The doctor warned us off searching the internet to find out about Down syndrome due to the few, but very misleading sources of information. So at this time, we were clueless. We told our family what we were dealing with–official results wouldn’t be known for a week. They were sympathetic, but no one knew how to process it. First, it’s not official so lets remain hopeful. And even if the baby had Down syndrome, no one knew what it might mean. We salvaged the week.
When we received the official results, I was devastated. I couldn’t see the future. All the dreams I had, the vision of where my life and career would end up was shot. (Remember my vision of special needs.)
I moped for several weeks. I let close friends at work know. Many said they were sorry. They were supportive, but no one knew what it meant. I reassessed graduate school. I decided that since the baby was due in December, I could at least complete, or nearly complete one quarter. So at least I would have that experience.
I can’t tell you how distinctly I remember this…and I hope it always remains vivid.
I popped into one of my co-worker’s cube and after some small talk, and during the update on the pregnancy let him know that the baby had Down syndrome. Without hesitation, he said “Congratulations! Those kids are awesome!” I was literally shocked at his sincerity. He didn’t say this to make me feel better, he said it because he believed it. After a moment I asked “oh yeah? How do you know about this?”
“I volunteer for Special Olympics every year. You have to get involved. I love these kids. They’re great!”
Over the next 24 hours I made a transformation that hasn’t reversed. I thought, maybe it will be great. All the odds of the health issues; what if (besides the heart issue) he wouldn’t have any issues? What if he is at the high end of the cognitive spectrum instead of not? Perhaps my own life–our lives, our plans–wouldn’t be interrupted as I feared.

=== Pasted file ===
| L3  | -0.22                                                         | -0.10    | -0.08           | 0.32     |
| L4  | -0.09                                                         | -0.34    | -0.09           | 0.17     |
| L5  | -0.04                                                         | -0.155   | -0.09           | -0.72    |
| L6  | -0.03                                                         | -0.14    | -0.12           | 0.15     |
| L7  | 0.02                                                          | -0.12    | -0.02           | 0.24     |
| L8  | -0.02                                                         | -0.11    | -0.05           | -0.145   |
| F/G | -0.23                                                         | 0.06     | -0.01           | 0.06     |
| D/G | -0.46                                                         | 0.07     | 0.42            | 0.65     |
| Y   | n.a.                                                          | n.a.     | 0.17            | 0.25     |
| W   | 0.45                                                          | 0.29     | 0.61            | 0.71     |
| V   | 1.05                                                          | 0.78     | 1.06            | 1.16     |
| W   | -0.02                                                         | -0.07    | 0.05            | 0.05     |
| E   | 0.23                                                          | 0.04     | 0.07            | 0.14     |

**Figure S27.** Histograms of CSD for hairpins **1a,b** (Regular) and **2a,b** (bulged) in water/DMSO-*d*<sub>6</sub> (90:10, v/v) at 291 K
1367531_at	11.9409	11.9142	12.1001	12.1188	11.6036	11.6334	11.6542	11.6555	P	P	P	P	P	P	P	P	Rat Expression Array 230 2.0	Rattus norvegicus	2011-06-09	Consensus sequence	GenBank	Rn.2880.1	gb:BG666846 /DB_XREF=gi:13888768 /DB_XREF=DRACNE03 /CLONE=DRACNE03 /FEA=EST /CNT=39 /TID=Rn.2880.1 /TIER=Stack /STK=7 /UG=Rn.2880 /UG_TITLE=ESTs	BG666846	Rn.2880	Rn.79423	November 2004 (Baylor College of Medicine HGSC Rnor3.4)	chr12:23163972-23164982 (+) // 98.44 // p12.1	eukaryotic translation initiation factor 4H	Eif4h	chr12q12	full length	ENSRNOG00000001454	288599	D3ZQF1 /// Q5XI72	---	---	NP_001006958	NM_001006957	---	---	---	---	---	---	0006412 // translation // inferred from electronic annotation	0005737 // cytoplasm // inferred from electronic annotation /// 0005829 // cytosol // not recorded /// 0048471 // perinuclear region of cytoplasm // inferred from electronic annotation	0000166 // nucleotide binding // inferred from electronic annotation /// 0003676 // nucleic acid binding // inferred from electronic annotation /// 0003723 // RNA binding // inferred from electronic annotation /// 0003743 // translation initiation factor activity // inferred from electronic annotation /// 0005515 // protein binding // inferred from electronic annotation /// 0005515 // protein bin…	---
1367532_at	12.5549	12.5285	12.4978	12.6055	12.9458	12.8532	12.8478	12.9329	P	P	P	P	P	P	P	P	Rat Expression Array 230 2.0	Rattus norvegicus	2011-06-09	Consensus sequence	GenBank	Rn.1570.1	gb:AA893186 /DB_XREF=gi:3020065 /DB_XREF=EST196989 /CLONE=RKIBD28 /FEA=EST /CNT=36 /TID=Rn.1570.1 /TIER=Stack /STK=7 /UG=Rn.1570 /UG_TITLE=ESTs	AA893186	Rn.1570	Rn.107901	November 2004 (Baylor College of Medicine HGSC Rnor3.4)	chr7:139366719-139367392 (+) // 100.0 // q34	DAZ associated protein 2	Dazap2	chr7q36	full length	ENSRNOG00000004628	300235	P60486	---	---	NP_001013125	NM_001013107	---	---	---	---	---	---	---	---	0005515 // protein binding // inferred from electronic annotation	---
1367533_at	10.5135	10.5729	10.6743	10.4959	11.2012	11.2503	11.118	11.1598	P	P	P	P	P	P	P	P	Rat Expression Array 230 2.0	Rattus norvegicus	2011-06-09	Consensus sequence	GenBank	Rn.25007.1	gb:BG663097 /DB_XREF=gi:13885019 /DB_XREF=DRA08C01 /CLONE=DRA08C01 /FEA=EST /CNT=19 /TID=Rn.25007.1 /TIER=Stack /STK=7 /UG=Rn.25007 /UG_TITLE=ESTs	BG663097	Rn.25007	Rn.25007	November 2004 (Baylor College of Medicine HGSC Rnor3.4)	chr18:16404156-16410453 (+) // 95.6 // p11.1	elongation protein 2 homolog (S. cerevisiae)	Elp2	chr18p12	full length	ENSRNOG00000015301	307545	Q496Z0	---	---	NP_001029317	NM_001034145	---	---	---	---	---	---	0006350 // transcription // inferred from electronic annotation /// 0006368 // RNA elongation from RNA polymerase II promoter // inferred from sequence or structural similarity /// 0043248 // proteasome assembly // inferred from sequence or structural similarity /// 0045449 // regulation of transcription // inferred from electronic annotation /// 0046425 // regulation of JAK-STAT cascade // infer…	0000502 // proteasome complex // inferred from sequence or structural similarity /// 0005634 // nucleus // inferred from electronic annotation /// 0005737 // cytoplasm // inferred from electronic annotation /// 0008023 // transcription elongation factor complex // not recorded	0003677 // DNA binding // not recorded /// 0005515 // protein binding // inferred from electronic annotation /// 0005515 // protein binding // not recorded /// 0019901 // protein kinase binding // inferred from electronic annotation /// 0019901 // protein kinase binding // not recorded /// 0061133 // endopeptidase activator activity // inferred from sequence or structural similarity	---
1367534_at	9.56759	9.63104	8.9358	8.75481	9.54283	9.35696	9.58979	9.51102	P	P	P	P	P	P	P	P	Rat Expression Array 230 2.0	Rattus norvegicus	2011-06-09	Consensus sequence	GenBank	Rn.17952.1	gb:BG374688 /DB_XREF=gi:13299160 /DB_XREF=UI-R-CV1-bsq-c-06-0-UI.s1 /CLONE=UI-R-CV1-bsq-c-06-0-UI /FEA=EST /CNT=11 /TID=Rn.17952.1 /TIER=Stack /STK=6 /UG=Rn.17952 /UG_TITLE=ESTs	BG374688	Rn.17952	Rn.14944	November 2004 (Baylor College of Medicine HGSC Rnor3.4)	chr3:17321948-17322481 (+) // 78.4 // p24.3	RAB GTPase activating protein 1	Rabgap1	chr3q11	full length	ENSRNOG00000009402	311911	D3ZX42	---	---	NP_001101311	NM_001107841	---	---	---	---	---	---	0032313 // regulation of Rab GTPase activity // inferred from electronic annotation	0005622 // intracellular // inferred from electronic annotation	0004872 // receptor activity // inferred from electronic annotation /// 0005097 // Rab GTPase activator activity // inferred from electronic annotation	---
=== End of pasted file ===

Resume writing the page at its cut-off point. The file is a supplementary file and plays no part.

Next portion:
I decided that until proved otherwise, I would assume that having a child with Down syndrome would be great.
Now I won’t pretend that I don’t have bouts of doubt and worry, but for the most part this attitude has carried me through. Of course, Jonathan makes it easy. Not a day goes by where he doesn’t fail to make me laugh out loud. His smile is infectious. His unembarrassed love for his big sister, mom, and friends causes me to pause and think “I need to be more like Jonathan.”
The tag line of our blog is Spreading awareness about the blessings of Down syndrome. This may seam odd to some. How can this be a blessing? Time will tell if we conclude that it is a blessing for Jonathan, but for those that know Jonathan, it is a blessing. Jonathan teaches us to love, to smile frequently, to see the beauty in all people. Don’t we all wish to have a memorable and positive effect on those who know us? Jonathan is seven and already has that box checked!
Jonathan has made me a better person. He has taught me patience. He has taught me to value the gifts that everyone possess, not just the standard measures of intelligence, status, education, job title. He is teaching me to be kind.
I’m still pretty ambitious. I finished graduate school. My career has taken off and I have reached many of my goals. Along the way, Jonathan has caused me to add other goals: to have a positive effect on others; to serve. These boxes are not yet checked complete.
If I were to have the same positive effect on someone that Jonathan has had on me, I would consider myself a pretty special person. One of the ways I try to do this is to say to every parent of a child with Down syndrome:
“Congratulations! Your kid is going to be awesome!” …and you know what? I’m right!